Blacklock Restoring Marsh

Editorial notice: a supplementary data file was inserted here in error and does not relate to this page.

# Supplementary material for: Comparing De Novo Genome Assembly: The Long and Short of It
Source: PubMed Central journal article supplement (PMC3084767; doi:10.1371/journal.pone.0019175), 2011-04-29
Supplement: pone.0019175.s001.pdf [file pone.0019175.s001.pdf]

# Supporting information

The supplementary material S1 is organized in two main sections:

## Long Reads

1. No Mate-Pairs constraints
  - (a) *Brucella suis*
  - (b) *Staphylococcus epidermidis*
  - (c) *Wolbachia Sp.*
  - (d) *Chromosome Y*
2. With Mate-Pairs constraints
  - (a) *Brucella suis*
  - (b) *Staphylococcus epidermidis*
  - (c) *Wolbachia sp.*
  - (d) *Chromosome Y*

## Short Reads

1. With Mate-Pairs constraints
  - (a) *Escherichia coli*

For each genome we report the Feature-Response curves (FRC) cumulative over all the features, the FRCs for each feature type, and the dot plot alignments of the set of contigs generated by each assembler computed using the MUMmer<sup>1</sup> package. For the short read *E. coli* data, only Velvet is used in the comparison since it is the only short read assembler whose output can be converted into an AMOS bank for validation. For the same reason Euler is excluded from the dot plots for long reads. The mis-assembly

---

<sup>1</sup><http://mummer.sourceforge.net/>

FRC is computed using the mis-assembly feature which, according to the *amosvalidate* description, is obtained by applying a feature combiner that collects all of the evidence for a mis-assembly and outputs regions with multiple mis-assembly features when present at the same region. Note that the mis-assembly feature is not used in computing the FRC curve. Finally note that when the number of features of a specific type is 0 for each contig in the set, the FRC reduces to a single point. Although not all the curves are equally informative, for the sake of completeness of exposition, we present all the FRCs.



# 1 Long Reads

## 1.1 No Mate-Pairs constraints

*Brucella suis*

Historically, the landscape of Suisun Marsh was dominated by tidal wetlands, with vast expanses of marsh plain that would flood during high tides (Moyle et al. 2014). In 1897, construction of a railroad through the western marsh facilitated rapid development of managed wetlands for waterfowl hunting (Arnold 1996). Today, approximately 340 km (210 miles) of constructed levees separate about 210 km2 (52,000 acres) of managed marsh from tidal waterways (Moyle et al. 2014). The Suisun Marsh Habitat Management, Preservation, and Restoration Plan mandates (1) conversion of 20-30 km2 (5,000- 7,000 acres) from managed wetlands to tidal wetlands and (2) the enhancement of 160-200 km2 (40,000- 50,000 acres) of managed wetlands (United States Department of the Interior Bureau of Reclamation 2013). Understanding how managed wetlands influence subtidal waterways is important for water management and the development of restoration designs that will benefit aquatic species. To address this knowledge gap, the UC Davis Blacklock Fish Study was initiated in October 2013 to collect and interpret information on the distribution and abundance of fishes in a restoring tidal marsh, a managed wetland, and adjacent tidal waterways. We used catch per unit effort (CPUE) of fishes collected during monthly trawl and beach-seine sampling conducted by the Blacklock Fish Study to evaluate differences in the distribution and abundance of fishes among a managed wetland, a restoring tidal wetland, and adjacent subtidal sloughs and embayments.

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